"Who's Got a Price on Their Head?" @LHUCA
Lubbock’s First Friday Art Trail is pretty popular, but in years past the winter months have been notably less well-attended. Which is why, after dealing with the shoulder-to-shoulder crowds in LHUCA, heavy lines waiting to get inside 5&J and the TTU Satellite gallery at CASP, I came away feeling really proud of Lubbock for turning out in the cold. Still, in the midst of a lot of happily chatting people observing (and sometimes touching, that’s something you can do in Lubbock) art, there were some weirder things I witnessed last night. I want to discuss Cody Arnall’s room-sized installation Who’s Got a Price on Their Head?, framed by one of these moments.
I entered the John F. Lott Gallery at LHUCA, a small, single-entry room that Arnall had blocked off with a swath of fencing, forcing viewers to single-file into the room. The installation was comprised of three platforms, the first hosting a dog mauling the neck of a cat. With teeth and balls bared, red pools surrounding the presumably dead cat, both animals are constructed with a pock-marked, waxy looking surface. It’s a pretty bleak sculpture. The next platform is trimmed with a few blades of greenery, with wavy edges that reference Bikini Atoll, where Arnall’s grandfather was a military telegrapher until the Cold War, the beach later serving as the site for nuclear tests. The third stage sports a dog-house sized metal structure, which could be referencing the actual dog, an abusive family history, or the base where his grandfather spent time probably in isolation: likely all three. The final wall of the room is flanked by another fence overlaid with a projected loop of the Bikini Atoll test's mushroom-cloud footage, in seafoam and acidic green tints.
Not part of the artwork, a young woman is posing for a photo, with the video over her body and face. She is smiling with all of her teeth, her hands thrust behind her head creating a diamond shape with her arms, and it seems she quits breathing for the duration of the photo session. Her friends snap the picture, and she eagerly trots to make sure she approves of it or to admire her good idea, I’m not sure. The contrast of the impromptu photo-shoot and the content of the installation (family history of alcoholism and abuse, mutually-assured destruction, and a dog ripping a same-family-pet cat apart) was too much.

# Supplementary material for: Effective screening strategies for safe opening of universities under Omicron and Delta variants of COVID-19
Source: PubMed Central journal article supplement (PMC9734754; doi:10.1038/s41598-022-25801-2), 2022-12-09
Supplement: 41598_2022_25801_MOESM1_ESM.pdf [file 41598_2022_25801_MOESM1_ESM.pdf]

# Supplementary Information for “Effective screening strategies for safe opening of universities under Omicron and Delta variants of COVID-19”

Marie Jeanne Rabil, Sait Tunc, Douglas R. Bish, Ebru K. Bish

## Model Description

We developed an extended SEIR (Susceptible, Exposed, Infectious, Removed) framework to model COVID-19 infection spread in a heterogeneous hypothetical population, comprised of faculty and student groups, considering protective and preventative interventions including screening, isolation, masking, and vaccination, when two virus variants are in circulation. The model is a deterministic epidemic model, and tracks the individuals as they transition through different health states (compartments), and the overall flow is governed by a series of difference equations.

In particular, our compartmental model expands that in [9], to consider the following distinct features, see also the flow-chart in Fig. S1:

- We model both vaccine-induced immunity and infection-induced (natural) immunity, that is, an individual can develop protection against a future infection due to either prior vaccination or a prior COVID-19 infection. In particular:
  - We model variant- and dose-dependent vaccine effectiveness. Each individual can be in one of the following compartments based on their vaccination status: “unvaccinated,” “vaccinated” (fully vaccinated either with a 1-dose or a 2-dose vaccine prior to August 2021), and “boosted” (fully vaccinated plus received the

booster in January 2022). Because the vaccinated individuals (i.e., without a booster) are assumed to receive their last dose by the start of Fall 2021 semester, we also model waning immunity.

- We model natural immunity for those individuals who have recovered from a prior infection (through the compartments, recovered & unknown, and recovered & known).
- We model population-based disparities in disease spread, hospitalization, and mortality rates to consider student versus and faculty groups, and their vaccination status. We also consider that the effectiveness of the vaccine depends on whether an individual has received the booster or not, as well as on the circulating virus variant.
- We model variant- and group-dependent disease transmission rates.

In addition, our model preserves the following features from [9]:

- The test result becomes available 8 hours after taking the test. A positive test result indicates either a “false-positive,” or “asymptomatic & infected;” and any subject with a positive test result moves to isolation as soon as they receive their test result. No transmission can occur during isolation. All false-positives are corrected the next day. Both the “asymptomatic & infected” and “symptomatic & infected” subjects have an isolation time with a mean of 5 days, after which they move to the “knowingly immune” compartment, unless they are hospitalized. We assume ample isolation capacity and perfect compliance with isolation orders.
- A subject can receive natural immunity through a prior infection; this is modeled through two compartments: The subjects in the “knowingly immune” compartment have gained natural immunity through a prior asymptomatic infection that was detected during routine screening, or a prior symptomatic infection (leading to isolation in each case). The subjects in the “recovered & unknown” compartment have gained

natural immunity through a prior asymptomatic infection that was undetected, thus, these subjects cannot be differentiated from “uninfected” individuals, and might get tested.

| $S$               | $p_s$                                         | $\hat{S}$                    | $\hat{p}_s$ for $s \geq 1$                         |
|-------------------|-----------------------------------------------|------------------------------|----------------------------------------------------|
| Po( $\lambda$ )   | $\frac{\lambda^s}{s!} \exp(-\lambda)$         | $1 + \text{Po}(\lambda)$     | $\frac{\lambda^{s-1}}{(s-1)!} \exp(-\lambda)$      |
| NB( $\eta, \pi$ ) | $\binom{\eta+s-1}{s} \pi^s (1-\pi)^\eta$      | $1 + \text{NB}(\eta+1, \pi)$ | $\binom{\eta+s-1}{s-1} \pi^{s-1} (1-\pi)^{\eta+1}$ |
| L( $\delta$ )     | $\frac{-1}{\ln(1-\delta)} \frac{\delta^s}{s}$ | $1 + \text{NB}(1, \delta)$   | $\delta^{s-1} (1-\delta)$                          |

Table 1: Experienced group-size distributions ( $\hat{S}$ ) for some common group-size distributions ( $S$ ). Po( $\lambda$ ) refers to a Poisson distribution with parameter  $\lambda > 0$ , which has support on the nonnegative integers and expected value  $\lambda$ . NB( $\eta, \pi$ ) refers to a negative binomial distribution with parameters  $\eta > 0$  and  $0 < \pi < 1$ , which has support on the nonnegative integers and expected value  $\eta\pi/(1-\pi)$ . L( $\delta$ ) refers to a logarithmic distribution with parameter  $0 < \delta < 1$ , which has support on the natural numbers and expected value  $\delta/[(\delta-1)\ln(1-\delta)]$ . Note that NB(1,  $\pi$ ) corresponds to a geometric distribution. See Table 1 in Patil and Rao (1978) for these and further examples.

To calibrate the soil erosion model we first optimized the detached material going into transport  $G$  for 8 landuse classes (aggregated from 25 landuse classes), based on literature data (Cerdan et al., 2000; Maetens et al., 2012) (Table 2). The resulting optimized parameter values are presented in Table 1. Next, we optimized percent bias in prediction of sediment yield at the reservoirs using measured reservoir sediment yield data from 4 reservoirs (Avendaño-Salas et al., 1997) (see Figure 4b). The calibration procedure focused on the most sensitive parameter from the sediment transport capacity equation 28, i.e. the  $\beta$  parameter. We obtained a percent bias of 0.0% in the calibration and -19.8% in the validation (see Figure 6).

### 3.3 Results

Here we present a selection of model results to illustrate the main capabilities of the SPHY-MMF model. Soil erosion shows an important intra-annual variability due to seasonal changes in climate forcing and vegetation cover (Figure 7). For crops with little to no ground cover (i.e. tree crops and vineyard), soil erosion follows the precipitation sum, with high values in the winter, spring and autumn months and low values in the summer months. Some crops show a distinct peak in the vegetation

As symbols, a dog and a beach are so accessible. Arnall’s foil is subtle, by way of the single-layer-of-fence-until-you-see-it’s-a-bomb. I don’t think of this installation at all like the selfie fodder of a Kusama room- rather, I think it is the direct opposite. Arnall’s work and statement are fairly cut and dry- this is what I love about them. This room is a hapless signpost pointing to power that is embodied and also power that controls all bodies. Taking an interesting photo in front of a most fear-inducing image is a pretty accurate well-check for my generation. The violence that we can enact upon each other presented as seemingly non-threatening is a pretty heavy way to bring up aggression and suffering in the chronic “am I going to perpetuate this shit?” sense. After all, big themes like isolation, nuclear decimation, and tearing each other’s throats out have become old news, even while (and because) we are so inundated and aware of their reality.
*”Who’s Got a Price on Their Head?” is on view through February 17 at LHUCA in Lubbock, Texas. The author's opinions are her own.